Veronica Terriquez, a scholar who has always prioritized community engagement, has been appointed director of UCLA’s Chicano Studies Research Center, home to one of the most robust archives of Latino and Chicano materials in the country. The center, part of UCLA’s Institute of American Cultures, supports intersectional research, programming and advocacy related to Chicano, Latino and indigenous communities.
Terriquez will become the 10th director in the center’s 51-year history and its first woman leader.
“I’m thrilled to be able to direct a center whose mission is to leverage original research on U.S. Latinx communities in order to have an impact on the campus, higher education and the broader society,” Terriquez said. “I’m honored to assume the role of director, following Chon Noriega whose visionary leadership has broadened the scope of the center’s scholarly and public impact, particularly in the arts.”
Terriquez joins UCLA from UC Santa Cruz, where she was an associate professor of sociology. She received her doctorate in sociology from UCLA, a master’s in education from UC Berkeley, and her bachelor’s in sociology from Harvard University. Her research focuses on efforts to civically engage youth, immigrants and other low-income residents of color. She has published widely in journals and disseminated research in collaboration with schools, unions, community organizers and local governments.
“Veronica’s profile as a scholar with a longstanding commitment to community-based and policy-relevant research aligns perfectly with the mission of the Chicano Studies Research Center,” said David Yoo, vice provost of the Institute of American Cultures. “I am grateful for the visionary leadership that she will bring to the CSRC and to the collective work across the ethnic studies centers.”
Terriquez’s dual faculty appointment as a professor in UCLA’s Luskin School of Public Affairs and in the UCLA College will allow for a broad campus network.
“Veronica will bring a valuable collaborative research practice and perspective to UCLA’s Luskin School where we know she will find like-minded colleagues who are also dedicated to advancing a more equitable and inclusive California,” said Chris Tilly, chair of urban planning.
Terriquez’s research is geared toward policy relevance. She has received major grants from the Irvine Foundation, the California Endowment, and the Bill & Melinda Gates Foundation, as well as fellowships from the Ford Foundation and the Stanford Center for the Advanced Study in the Behavioral Sciences.
“Looking ahead, I see dynamic points at which the CSRC’s historic achievements could be used to spearhead new collaborative efforts that respond to contemporary political, economic, environmental and social crises impacting Latinx communities,” she said. “As someone who has tracked youth and multi-generational activism across the state over the past decade, I believe that the center can be a critical thought partner alongside educators and grassroots leaders in helping define the future of California and the country.”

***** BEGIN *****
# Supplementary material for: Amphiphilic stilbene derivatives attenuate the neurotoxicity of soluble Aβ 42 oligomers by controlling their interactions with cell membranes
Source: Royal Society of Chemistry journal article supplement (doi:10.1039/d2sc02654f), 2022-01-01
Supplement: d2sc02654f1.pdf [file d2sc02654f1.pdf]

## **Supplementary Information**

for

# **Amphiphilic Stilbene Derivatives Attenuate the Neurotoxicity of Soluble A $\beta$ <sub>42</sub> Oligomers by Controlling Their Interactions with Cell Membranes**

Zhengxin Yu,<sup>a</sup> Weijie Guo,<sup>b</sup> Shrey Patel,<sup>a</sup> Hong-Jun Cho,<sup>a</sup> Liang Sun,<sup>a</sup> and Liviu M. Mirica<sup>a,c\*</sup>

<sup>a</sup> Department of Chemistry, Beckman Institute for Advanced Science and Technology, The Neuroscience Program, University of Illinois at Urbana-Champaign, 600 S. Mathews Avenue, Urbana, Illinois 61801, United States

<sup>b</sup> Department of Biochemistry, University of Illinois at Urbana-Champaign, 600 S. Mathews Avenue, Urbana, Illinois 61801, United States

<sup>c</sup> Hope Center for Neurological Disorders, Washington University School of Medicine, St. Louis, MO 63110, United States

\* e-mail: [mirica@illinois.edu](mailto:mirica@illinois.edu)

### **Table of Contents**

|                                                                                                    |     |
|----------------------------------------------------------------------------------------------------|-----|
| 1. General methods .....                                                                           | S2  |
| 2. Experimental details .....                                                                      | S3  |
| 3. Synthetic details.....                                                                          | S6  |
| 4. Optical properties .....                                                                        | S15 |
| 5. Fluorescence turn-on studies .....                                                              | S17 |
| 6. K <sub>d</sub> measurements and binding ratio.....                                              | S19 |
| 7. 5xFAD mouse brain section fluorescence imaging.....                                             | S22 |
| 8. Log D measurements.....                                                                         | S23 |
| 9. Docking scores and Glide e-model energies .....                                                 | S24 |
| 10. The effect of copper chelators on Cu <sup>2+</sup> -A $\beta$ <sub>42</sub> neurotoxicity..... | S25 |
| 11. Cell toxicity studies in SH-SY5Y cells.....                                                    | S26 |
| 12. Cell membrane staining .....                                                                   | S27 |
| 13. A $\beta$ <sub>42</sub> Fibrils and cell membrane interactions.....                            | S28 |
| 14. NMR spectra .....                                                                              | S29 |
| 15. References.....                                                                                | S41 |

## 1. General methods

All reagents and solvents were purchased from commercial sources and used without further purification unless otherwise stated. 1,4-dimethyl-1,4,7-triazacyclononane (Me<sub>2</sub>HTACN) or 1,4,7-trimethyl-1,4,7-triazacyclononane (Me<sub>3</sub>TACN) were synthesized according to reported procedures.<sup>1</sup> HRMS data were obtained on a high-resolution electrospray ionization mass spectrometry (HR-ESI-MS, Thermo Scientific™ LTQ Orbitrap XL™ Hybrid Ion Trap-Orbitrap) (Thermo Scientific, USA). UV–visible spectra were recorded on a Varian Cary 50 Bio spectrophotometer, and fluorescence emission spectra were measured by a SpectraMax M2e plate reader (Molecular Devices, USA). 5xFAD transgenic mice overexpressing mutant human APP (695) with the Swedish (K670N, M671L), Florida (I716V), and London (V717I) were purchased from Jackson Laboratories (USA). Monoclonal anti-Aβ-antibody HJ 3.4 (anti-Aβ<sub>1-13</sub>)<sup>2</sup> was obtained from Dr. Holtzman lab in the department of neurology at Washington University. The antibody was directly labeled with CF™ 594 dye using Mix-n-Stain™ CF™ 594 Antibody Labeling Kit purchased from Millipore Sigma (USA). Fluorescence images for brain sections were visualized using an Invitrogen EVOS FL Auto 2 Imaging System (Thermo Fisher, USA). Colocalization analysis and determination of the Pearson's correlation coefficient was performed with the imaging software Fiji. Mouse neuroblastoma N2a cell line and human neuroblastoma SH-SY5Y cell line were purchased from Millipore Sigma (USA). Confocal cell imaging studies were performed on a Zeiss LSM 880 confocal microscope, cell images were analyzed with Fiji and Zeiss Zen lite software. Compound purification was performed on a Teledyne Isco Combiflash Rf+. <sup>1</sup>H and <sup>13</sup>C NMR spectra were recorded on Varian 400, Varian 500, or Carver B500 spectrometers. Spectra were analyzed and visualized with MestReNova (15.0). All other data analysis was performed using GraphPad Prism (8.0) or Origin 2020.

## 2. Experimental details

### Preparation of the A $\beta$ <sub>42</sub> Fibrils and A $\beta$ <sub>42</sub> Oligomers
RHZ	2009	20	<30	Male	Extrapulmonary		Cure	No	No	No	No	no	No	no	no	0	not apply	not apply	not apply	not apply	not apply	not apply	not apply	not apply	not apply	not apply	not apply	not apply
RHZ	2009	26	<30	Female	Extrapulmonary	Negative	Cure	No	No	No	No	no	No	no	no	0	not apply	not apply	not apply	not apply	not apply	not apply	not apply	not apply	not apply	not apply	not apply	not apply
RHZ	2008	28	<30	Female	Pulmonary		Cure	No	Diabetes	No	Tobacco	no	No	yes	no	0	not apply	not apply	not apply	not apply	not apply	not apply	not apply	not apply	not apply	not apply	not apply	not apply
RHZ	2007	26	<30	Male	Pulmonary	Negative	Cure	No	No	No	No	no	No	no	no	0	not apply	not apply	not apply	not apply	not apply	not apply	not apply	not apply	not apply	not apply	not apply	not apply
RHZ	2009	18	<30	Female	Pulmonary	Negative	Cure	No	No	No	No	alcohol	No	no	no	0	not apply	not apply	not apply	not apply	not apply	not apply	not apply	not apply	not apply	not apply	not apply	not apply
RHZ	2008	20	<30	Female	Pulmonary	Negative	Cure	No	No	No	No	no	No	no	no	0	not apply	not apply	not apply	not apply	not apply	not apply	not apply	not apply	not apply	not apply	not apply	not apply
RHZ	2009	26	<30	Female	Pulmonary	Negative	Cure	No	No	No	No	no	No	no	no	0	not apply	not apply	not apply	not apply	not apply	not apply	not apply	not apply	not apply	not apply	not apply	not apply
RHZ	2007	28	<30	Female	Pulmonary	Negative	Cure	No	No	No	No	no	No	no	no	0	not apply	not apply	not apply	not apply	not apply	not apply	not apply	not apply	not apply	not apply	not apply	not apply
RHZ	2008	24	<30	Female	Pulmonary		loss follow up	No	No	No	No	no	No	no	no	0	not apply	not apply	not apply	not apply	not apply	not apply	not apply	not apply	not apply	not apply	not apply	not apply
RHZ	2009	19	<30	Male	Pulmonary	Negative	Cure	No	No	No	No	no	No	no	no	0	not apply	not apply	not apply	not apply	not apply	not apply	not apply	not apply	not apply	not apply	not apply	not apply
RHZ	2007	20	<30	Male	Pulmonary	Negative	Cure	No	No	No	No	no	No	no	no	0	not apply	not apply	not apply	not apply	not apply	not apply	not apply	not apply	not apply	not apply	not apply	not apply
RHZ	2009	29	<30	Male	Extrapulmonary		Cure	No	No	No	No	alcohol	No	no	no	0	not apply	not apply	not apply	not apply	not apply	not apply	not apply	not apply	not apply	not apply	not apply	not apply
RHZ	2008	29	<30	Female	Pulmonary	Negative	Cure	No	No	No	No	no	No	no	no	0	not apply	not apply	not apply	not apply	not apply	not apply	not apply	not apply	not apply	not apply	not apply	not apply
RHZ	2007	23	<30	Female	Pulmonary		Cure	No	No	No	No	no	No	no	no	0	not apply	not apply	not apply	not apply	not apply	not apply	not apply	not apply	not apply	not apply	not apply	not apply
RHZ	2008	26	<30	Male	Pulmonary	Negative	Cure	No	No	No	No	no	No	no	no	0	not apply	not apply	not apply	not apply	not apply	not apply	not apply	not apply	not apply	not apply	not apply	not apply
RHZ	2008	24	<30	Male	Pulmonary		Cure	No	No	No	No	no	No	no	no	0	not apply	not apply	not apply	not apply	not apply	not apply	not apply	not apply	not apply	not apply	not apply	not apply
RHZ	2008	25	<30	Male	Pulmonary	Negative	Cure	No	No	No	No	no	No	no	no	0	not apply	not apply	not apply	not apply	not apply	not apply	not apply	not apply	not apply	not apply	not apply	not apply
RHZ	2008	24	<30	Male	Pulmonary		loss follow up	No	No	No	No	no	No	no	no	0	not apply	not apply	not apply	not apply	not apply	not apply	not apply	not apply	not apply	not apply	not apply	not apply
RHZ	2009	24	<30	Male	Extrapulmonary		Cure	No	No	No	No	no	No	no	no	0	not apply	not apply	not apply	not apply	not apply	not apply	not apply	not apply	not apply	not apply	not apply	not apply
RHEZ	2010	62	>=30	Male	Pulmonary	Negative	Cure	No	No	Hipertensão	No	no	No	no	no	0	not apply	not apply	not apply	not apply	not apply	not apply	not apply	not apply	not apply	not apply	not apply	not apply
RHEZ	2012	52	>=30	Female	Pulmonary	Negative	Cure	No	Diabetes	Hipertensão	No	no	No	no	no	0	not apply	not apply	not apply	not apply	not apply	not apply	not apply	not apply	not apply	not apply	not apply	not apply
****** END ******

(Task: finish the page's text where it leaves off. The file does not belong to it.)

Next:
Terriquez’s publications include awarding-winning work recognized by the American Sociological Association. She is committed to active mentorship of students both as project collaborators and co-authors of published work.
That approach is aligned with the spirit of UCLA’s Chicana and Chicano and Central American studies department, said Leisy Abrego, chair of the department.
“Our students are passionate about their scholarship and their communities, and are inspired by faculty who share that same dedication, of which we are fortunate to have so many,” Abrego said. “We know Veronica will be one of those professors. Immigrant and working-class communities of color in California are very fortunate to have Veronica on their side and we are excited to welcome her to our department.”
Inspired by the role of student activism in the creation of the center, Terriquez said she envisions the center will continue generating new theoretical frameworks, concepts and empirical studies. Her vision is that the work of the center will inform and be informed by the next generation of civic leaders and cultural workers, furthering the fundamental role in advancing scholarship and public awareness of Chicano and other Latino communities that the center has played for a half-century.
“Today that population is growing in diversity and size, with Latinx youth approaching the majority of California’s young population,” Terriquez said. “Thus, it is an opportune time for the CSRC to center young people in its programming.”